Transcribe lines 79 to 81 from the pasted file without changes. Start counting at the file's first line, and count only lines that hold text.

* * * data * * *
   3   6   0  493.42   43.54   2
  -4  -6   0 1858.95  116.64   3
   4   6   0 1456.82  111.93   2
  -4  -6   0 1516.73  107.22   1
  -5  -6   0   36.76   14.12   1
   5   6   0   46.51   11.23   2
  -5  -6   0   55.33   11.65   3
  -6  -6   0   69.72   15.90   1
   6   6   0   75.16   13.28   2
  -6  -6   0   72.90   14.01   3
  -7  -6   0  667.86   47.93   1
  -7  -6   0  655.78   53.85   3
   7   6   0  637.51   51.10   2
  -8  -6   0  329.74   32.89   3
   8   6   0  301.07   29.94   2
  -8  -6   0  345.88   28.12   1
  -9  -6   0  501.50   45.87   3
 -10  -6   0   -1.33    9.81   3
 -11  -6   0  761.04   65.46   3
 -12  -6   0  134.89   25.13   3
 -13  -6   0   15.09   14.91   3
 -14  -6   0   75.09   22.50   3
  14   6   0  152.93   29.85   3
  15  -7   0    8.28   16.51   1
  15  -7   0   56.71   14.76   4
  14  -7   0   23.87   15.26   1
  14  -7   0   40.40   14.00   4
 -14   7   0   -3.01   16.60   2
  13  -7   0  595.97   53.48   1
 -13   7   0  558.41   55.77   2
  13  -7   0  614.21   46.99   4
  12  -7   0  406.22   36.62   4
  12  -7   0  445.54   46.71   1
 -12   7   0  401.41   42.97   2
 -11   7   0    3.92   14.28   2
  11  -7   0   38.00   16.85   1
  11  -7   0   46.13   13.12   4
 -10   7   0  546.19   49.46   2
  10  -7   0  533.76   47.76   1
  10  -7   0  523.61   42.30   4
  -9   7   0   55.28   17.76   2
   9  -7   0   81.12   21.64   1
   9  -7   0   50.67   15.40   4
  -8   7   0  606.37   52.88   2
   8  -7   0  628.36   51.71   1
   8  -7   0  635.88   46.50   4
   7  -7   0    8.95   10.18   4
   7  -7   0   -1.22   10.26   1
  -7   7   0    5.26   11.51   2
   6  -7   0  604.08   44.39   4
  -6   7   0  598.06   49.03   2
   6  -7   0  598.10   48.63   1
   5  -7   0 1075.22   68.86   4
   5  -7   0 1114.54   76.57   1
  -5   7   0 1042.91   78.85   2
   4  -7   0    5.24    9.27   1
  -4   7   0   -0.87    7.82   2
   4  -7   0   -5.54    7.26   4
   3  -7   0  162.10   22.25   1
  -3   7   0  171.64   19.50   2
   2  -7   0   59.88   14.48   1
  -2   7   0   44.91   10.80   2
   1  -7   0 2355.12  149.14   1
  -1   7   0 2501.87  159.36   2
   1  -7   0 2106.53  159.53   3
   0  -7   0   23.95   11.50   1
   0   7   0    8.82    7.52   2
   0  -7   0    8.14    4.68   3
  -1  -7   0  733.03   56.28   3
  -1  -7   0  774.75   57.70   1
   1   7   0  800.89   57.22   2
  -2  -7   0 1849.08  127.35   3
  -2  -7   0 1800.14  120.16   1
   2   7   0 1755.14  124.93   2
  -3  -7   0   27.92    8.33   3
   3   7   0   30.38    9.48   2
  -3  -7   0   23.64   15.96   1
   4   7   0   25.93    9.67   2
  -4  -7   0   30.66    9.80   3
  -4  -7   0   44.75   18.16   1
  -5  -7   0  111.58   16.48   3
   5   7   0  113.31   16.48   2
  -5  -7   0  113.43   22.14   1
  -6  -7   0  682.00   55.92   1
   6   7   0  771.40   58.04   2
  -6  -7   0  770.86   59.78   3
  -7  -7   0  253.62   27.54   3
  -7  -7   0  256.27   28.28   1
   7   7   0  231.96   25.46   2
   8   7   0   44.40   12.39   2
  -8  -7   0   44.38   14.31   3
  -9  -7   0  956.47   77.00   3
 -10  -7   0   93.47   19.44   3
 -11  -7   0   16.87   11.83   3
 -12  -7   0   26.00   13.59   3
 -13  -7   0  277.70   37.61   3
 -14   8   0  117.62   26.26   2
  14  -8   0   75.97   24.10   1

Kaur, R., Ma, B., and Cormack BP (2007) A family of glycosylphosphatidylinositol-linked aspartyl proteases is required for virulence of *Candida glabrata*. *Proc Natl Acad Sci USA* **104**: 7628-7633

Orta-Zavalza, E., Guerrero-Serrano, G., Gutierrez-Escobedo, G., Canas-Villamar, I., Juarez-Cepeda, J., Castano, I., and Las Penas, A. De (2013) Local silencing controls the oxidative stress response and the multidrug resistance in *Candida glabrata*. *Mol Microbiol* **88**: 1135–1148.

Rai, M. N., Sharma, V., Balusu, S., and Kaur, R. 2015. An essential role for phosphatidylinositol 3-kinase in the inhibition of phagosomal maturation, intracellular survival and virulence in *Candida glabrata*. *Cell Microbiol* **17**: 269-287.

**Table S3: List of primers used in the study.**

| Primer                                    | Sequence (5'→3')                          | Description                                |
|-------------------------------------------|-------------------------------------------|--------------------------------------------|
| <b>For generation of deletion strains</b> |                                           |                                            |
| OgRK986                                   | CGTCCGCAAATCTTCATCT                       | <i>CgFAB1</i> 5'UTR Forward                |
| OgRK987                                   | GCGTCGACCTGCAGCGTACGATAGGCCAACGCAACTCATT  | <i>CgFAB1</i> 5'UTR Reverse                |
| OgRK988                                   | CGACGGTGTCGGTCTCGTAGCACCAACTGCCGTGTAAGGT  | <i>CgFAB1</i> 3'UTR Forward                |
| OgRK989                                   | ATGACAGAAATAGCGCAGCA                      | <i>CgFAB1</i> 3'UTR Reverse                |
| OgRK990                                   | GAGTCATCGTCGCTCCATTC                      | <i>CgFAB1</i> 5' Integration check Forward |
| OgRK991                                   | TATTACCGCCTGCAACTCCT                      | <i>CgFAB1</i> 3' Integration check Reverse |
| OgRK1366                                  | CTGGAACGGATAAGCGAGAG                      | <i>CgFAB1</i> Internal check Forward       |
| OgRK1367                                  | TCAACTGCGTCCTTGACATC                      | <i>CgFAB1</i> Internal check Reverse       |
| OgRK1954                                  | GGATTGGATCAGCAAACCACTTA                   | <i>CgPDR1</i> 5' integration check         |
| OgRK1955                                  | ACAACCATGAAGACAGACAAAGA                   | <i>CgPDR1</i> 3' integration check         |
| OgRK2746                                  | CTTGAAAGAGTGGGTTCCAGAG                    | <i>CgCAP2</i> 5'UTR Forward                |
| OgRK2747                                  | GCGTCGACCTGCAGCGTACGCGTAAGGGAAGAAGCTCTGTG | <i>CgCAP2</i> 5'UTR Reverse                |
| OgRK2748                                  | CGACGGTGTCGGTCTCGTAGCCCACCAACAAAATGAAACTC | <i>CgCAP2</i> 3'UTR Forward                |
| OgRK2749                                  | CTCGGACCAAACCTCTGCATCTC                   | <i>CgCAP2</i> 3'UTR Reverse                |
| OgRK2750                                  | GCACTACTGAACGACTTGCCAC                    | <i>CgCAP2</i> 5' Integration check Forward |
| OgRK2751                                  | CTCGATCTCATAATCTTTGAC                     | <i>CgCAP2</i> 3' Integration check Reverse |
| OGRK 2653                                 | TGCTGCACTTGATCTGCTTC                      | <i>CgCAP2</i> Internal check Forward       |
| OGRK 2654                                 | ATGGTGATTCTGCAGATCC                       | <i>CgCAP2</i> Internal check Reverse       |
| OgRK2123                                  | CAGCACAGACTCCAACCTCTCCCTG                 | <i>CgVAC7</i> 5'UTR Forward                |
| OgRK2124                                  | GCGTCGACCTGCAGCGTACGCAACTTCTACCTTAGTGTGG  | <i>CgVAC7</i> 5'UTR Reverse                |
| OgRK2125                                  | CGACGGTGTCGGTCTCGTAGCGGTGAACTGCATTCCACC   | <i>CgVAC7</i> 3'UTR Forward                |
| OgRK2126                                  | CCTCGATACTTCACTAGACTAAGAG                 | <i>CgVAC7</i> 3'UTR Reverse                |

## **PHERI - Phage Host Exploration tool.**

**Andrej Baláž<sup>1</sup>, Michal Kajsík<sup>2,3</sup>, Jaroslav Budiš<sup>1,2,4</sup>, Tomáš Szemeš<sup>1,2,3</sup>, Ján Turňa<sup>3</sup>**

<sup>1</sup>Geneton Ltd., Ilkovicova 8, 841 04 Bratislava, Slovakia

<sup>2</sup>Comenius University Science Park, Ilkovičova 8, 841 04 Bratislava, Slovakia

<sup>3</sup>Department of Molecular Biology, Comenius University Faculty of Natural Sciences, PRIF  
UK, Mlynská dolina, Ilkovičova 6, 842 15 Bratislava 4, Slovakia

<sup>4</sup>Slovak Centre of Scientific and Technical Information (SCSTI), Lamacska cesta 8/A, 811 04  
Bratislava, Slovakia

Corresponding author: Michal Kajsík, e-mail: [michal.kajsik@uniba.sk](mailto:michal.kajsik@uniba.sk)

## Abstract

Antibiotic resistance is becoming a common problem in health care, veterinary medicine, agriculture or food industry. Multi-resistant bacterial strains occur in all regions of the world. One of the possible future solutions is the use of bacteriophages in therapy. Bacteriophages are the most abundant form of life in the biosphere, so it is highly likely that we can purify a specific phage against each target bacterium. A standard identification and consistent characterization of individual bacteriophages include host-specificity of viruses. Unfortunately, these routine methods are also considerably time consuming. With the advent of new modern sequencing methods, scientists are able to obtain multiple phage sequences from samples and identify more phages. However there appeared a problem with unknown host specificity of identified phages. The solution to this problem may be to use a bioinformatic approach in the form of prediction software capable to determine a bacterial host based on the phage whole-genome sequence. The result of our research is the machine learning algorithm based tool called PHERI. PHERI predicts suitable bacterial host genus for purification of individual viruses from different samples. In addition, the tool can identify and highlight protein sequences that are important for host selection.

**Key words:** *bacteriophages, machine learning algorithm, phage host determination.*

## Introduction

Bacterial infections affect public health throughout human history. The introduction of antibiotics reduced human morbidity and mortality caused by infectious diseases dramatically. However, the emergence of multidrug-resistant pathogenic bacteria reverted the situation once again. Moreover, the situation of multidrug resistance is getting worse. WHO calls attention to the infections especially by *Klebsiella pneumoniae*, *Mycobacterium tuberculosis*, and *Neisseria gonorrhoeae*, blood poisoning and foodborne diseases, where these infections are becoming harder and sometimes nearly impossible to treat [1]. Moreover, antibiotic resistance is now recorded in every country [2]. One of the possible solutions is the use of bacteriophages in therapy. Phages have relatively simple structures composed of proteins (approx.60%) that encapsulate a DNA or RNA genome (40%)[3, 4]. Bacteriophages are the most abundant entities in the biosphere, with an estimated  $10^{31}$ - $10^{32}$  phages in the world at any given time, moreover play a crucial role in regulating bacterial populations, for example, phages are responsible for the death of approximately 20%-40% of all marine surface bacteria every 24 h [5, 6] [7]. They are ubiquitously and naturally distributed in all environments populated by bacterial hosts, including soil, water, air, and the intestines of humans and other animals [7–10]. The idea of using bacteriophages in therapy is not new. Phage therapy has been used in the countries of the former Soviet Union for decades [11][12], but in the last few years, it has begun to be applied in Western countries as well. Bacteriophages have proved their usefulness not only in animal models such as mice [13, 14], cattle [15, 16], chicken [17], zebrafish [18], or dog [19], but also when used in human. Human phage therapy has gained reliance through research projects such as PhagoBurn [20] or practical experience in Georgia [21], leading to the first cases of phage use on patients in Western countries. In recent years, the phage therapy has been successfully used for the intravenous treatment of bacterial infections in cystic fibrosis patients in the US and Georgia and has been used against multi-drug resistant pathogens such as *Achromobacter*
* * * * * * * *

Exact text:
  -4  -7   0   30.66    9.80   3
  -4  -7   0   44.75   18.16   1
  -5  -7   0  111.58   16.48   3